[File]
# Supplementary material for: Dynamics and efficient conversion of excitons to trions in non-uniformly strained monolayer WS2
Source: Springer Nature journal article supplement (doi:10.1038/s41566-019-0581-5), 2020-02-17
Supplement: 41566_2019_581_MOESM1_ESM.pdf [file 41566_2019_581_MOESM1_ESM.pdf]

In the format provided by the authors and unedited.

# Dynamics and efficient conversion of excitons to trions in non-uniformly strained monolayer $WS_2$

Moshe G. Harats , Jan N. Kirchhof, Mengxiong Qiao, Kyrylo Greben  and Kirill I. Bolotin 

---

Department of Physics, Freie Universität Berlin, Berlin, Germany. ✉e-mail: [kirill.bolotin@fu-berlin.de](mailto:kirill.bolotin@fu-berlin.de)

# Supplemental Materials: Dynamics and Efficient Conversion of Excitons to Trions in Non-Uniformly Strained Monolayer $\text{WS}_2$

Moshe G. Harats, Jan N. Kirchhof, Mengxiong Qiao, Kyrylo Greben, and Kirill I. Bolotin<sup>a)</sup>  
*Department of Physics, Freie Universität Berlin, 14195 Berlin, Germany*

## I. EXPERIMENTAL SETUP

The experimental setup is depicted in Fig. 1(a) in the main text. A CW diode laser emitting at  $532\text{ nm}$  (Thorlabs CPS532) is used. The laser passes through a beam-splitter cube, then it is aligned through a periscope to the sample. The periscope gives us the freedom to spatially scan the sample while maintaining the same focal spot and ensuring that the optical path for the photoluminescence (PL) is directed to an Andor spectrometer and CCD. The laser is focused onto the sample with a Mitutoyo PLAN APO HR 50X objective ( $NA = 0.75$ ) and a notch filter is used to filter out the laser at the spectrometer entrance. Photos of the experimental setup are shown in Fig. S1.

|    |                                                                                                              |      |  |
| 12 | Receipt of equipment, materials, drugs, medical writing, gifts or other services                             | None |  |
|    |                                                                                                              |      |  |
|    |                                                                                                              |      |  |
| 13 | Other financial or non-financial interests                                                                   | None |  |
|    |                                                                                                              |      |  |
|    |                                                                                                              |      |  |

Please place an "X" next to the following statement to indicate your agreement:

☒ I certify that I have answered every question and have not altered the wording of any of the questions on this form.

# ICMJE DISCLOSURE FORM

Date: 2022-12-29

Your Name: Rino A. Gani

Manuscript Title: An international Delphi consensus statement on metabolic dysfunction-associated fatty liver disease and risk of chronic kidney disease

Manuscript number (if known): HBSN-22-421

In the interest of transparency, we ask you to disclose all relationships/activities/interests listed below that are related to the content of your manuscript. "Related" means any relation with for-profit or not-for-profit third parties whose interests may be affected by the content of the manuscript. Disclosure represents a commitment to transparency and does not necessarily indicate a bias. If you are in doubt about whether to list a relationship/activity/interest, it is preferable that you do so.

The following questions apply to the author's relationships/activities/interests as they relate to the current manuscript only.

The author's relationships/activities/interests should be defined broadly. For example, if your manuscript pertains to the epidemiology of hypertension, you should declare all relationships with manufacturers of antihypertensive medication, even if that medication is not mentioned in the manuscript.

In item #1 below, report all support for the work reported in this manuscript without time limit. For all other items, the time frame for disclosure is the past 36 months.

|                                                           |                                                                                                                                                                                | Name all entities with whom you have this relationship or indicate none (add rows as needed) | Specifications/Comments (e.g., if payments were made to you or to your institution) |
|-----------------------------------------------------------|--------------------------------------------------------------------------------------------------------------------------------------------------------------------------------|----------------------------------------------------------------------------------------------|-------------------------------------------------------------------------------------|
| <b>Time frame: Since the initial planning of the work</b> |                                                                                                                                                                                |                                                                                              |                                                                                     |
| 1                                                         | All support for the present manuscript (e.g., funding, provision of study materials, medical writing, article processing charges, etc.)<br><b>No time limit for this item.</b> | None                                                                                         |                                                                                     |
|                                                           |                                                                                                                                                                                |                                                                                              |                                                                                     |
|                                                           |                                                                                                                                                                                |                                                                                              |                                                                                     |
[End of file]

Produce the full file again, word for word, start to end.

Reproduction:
# Supplementary material for: Dynamics and efficient conversion of excitons to trions in non-uniformly strained monolayer WS2
Source: Springer Nature journal article supplement (doi:10.1038/s41566-019-0581-5), 2020-02-17
Supplement: 41566_2019_581_MOESM1_ESM.pdf [file 41566_2019_581_MOESM1_ESM.pdf]

In the format provided by the authors and unedited.

# Dynamics and efficient conversion of excitons to trions in non-uniformly strained monolayer $WS_2$

Moshe G. Harats , Jan N. Kirchhof, Mengxiong Qiao, Kyrylo Greben  and Kirill I. Bolotin 

---

Department of Physics, Freie Universität Berlin, Berlin, Germany. ✉e-mail: [kirill.bolotin@fu-berlin.de](mailto:kirill.bolotin@fu-berlin.de)

# Supplemental Materials: Dynamics and Efficient Conversion of Excitons to Trions in Non-Uniformly Strained Monolayer $\text{WS}_2$

Moshe G. Harats, Jan N. Kirchhof, Mengxiong Qiao, Kyrylo Greben, and Kirill I. Bolotin<sup>a)</sup>  
*Department of Physics, Freie Universität Berlin, 14195 Berlin, Germany*

## I. EXPERIMENTAL SETUP

The experimental setup is depicted in Fig. 1(a) in the main text. A CW diode laser emitting at  $532\text{ nm}$  (Thorlabs CPS532) is used. The laser passes through a beam-splitter cube, then it is aligned through a periscope to the sample. The periscope gives us the freedom to spatially scan the sample while maintaining the same focal spot and ensuring that the optical path for the photoluminescence (PL) is directed to an Andor spectrometer and CCD. The laser is focused onto the sample with a Mitutoyo PLAN APO HR 50X objective ( $NA = 0.75$ ) and a notch filter is used to filter out the laser at the spectrometer entrance. Photos of the experimental setup are shown in Fig. S1.

|    |                                                                                                              |      |  |
| 12 | Receipt of equipment, materials, drugs, medical writing, gifts or other services                             | None |  |
|    |                                                                                                              |      |  |
|    |                                                                                                              |      |  |
| 13 | Other financial or non-financial interests                                                                   | None |  |
|    |                                                                                                              |      |  |
|    |                                                                                                              |      |  |

Please place an "X" next to the following statement to indicate your agreement:

☒ I certify that I have answered every question and have not altered the wording of any of the questions on this form.

# ICMJE DISCLOSURE FORM

Date: 2022-12-29

Your Name: Rino A. Gani

Manuscript Title: An international Delphi consensus statement on metabolic dysfunction-associated fatty liver disease and risk of chronic kidney disease

Manuscript number (if known): HBSN-22-421

In the interest of transparency, we ask you to disclose all relationships/activities/interests listed below that are related to the content of your manuscript. "Related" means any relation with for-profit or not-for-profit third parties whose interests may be affected by the content of the manuscript. Disclosure represents a commitment to transparency and does not necessarily indicate a bias. If you are in doubt about whether to list a relationship/activity/interest, it is preferable that you do so.

The following questions apply to the author's relationships/activities/interests as they relate to the current manuscript only.

The author's relationships/activities/interests should be defined broadly. For example, if your manuscript pertains to the epidemiology of hypertension, you should declare all relationships with manufacturers of antihypertensive medication, even if that medication is not mentioned in the manuscript.

In item #1 below, report all support for the work reported in this manuscript without time limit. For all other items, the time frame for disclosure is the past 36 months.

|                                                           |                                                                                                                                                                                | Name all entities with whom you have this relationship or indicate none (add rows as needed) | Specifications/Comments (e.g., if payments were made to you or to your institution) |
|-----------------------------------------------------------|--------------------------------------------------------------------------------------------------------------------------------------------------------------------------------|----------------------------------------------------------------------------------------------|-------------------------------------------------------------------------------------|
| <b>Time frame: Since the initial planning of the work</b> |                                                                                                                                                                                |                                                                                              |                                                                                     |
| 1                                                         | All support for the present manuscript (e.g., funding, provision of study materials, medical writing, article processing charges, etc.)<br><b>No time limit for this item.</b> | None                                                                                         |                                                                                     |
|                                                           |                                                                                                                                                                                |                                                                                              |                                                                                     |
|                                                           |                                                                                                                                                                                |                                                                                              |                                                                                     |